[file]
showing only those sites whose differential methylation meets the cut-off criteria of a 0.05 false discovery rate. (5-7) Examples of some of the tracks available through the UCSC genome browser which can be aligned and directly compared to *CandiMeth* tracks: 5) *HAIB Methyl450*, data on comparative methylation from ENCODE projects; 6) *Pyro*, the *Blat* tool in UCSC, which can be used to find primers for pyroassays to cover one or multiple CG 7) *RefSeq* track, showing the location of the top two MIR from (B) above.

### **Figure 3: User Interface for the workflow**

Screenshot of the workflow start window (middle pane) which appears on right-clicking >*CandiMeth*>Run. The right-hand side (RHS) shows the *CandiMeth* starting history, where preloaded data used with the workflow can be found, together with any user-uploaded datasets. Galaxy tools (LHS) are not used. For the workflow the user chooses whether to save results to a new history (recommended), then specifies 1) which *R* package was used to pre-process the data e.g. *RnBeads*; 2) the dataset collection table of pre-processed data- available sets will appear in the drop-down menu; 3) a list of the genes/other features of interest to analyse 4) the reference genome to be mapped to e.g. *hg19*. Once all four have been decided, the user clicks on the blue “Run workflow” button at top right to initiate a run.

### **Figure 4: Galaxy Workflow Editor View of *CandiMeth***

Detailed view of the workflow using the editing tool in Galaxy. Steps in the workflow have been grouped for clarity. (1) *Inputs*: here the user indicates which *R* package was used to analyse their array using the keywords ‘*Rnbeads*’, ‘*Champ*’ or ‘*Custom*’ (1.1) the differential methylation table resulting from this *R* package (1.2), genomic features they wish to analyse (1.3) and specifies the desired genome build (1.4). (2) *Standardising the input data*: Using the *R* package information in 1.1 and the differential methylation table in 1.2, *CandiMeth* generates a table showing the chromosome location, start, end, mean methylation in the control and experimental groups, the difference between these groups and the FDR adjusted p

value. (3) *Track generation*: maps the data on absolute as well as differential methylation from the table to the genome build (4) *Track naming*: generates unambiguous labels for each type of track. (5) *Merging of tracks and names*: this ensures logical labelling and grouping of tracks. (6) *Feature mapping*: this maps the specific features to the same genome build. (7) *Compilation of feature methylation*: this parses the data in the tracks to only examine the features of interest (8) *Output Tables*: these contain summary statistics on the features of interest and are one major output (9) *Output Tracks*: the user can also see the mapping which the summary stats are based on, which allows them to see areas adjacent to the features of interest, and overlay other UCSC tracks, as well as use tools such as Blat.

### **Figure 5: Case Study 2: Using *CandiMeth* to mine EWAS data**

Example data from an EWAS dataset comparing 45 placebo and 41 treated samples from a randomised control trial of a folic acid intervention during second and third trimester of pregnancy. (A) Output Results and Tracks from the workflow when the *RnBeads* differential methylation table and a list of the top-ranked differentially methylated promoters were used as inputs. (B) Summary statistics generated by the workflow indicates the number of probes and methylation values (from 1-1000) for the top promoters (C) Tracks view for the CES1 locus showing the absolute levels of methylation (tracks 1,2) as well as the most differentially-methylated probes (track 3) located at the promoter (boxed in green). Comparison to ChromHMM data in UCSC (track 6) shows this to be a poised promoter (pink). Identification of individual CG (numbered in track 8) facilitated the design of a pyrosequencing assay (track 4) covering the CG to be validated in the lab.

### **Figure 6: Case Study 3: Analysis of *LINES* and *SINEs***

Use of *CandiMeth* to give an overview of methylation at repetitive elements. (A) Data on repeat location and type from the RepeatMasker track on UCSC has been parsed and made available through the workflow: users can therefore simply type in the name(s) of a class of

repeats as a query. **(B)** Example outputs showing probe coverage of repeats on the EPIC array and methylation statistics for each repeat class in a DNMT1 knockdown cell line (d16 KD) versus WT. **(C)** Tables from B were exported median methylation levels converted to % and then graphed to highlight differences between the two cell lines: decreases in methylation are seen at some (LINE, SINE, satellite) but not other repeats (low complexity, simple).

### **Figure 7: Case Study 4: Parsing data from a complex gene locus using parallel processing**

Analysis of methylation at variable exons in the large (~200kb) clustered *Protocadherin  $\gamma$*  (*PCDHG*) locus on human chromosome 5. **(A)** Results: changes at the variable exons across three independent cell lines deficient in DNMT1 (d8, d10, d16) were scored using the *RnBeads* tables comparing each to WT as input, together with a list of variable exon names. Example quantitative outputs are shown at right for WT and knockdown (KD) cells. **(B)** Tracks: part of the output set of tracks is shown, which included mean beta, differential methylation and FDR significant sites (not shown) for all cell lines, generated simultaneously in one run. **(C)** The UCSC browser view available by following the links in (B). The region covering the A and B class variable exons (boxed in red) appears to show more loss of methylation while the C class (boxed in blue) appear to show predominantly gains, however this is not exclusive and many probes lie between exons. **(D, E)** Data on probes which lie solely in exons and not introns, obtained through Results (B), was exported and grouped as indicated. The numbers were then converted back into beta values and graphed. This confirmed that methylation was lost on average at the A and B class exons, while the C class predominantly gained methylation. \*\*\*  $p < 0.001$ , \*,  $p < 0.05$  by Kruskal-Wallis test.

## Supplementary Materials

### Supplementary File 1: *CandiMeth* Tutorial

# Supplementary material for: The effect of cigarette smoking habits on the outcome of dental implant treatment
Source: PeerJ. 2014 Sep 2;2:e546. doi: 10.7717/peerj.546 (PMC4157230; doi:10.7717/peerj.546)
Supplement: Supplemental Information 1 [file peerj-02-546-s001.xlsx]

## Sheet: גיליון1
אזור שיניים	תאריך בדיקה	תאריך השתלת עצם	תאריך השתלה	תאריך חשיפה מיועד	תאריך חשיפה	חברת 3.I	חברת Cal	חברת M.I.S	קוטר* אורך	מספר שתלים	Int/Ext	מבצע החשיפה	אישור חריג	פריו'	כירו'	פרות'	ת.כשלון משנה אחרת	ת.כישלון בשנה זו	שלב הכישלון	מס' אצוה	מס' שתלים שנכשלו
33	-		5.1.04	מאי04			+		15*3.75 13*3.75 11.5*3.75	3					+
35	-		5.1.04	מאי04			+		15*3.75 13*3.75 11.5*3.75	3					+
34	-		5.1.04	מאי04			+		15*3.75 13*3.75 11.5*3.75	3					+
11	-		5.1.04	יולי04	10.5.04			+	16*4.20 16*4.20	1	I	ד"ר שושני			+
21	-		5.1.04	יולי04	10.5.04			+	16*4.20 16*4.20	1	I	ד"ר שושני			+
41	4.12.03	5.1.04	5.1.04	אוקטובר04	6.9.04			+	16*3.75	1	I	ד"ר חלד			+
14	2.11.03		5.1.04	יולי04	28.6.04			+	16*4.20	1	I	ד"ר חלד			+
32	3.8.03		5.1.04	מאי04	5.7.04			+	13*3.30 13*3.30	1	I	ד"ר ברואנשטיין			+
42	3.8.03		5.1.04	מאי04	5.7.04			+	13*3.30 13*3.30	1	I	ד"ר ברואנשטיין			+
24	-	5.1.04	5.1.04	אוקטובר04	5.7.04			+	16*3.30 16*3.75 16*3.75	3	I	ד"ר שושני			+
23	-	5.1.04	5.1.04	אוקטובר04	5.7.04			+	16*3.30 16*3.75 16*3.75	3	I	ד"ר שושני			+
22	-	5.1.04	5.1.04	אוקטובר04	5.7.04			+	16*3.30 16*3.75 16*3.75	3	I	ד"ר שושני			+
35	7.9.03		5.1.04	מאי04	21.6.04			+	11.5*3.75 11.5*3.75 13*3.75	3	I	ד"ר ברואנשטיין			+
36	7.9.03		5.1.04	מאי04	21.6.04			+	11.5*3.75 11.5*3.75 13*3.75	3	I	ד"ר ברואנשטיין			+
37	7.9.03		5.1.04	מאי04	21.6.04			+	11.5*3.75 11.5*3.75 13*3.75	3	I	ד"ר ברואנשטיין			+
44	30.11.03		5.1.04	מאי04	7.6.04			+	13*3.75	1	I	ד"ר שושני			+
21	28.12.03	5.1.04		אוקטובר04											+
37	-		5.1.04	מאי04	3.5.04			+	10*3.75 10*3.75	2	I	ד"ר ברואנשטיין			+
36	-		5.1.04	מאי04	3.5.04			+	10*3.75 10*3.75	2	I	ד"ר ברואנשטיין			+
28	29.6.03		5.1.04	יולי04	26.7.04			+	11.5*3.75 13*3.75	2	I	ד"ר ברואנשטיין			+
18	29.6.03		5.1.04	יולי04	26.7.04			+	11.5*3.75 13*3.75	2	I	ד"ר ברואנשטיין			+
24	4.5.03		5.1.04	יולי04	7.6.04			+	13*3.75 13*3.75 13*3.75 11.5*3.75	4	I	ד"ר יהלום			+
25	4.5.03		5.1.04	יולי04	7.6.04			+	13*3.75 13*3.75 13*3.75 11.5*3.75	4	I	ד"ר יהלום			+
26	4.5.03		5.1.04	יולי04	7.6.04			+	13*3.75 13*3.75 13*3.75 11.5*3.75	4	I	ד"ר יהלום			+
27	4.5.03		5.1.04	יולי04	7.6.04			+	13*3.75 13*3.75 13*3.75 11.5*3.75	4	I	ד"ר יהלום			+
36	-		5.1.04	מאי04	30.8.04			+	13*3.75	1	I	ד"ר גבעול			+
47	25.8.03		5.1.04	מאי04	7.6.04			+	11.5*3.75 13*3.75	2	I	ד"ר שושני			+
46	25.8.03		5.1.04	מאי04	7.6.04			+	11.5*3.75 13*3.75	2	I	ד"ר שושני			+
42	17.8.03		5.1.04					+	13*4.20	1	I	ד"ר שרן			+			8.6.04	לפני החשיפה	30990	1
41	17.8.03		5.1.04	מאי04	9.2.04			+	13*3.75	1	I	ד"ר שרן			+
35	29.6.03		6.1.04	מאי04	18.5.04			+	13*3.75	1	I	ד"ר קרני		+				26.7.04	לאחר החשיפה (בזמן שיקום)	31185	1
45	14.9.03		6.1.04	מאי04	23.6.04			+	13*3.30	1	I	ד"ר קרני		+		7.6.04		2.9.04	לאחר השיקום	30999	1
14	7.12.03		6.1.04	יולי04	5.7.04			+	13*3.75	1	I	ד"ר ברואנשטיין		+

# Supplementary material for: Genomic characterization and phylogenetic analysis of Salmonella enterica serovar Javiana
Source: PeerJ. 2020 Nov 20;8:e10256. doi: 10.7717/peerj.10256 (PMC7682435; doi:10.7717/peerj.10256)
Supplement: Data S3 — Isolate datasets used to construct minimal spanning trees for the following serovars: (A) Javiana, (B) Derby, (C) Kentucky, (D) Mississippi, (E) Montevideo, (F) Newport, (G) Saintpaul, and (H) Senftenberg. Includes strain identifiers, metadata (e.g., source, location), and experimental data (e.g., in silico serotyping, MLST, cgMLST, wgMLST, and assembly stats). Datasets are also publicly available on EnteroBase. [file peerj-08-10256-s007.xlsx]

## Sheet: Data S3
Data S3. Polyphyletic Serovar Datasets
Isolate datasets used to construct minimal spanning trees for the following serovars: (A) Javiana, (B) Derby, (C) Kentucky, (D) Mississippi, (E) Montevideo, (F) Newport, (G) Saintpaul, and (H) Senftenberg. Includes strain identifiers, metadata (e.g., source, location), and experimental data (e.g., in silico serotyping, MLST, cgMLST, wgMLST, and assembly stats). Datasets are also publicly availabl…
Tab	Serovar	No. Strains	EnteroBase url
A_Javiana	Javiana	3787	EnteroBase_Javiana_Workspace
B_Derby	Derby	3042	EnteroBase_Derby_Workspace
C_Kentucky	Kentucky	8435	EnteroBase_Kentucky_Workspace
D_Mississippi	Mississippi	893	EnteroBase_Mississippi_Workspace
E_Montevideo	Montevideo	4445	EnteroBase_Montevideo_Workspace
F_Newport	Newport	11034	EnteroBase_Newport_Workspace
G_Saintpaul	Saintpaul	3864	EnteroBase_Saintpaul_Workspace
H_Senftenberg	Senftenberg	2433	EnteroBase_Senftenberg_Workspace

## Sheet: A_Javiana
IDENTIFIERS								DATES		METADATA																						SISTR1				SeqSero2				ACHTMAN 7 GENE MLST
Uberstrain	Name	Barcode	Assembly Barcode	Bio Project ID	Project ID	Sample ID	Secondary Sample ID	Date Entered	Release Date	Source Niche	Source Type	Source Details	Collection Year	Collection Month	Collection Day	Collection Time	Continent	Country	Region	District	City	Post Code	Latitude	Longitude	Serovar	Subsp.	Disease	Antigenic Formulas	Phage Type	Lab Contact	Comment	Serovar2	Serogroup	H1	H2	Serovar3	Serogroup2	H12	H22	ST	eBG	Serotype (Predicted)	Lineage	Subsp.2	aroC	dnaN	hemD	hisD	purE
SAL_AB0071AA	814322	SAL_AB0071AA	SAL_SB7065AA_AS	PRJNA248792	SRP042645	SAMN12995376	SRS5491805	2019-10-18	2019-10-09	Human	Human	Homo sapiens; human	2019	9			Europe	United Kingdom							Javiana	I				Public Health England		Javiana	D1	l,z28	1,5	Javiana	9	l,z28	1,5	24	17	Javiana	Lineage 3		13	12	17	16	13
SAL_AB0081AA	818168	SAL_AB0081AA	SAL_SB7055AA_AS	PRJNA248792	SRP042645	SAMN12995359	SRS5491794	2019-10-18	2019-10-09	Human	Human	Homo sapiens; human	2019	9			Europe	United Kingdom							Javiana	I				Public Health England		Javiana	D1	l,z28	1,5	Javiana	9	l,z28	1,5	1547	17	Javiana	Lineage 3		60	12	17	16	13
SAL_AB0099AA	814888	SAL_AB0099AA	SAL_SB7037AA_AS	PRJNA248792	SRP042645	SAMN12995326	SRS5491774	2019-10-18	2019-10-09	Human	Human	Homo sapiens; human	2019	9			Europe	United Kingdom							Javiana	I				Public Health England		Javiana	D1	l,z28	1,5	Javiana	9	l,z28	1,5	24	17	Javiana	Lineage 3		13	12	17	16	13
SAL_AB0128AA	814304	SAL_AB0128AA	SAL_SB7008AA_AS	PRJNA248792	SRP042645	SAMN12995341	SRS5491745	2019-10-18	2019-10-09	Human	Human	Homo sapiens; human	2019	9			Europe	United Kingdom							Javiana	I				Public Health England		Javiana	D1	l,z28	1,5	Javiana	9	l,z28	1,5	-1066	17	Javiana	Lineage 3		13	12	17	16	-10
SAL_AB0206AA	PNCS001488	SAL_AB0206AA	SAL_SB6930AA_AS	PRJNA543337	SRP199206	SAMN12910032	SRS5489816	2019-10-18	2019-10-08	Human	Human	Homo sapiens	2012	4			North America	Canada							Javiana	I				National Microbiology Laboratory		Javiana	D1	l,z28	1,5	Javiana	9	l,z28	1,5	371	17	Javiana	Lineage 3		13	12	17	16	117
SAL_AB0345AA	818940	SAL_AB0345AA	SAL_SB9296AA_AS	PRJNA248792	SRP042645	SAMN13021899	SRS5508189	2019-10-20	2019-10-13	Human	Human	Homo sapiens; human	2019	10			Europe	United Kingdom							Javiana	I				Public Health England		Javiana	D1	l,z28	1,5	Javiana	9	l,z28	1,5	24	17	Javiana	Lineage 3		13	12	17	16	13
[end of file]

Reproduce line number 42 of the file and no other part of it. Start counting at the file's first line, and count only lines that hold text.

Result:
24	4.5.03		5.1.04	יולי04	7.6.04			+	13*3.75 13*3.75 13*3.75 11.5*3.75	4	I	ד"ר יהלום			+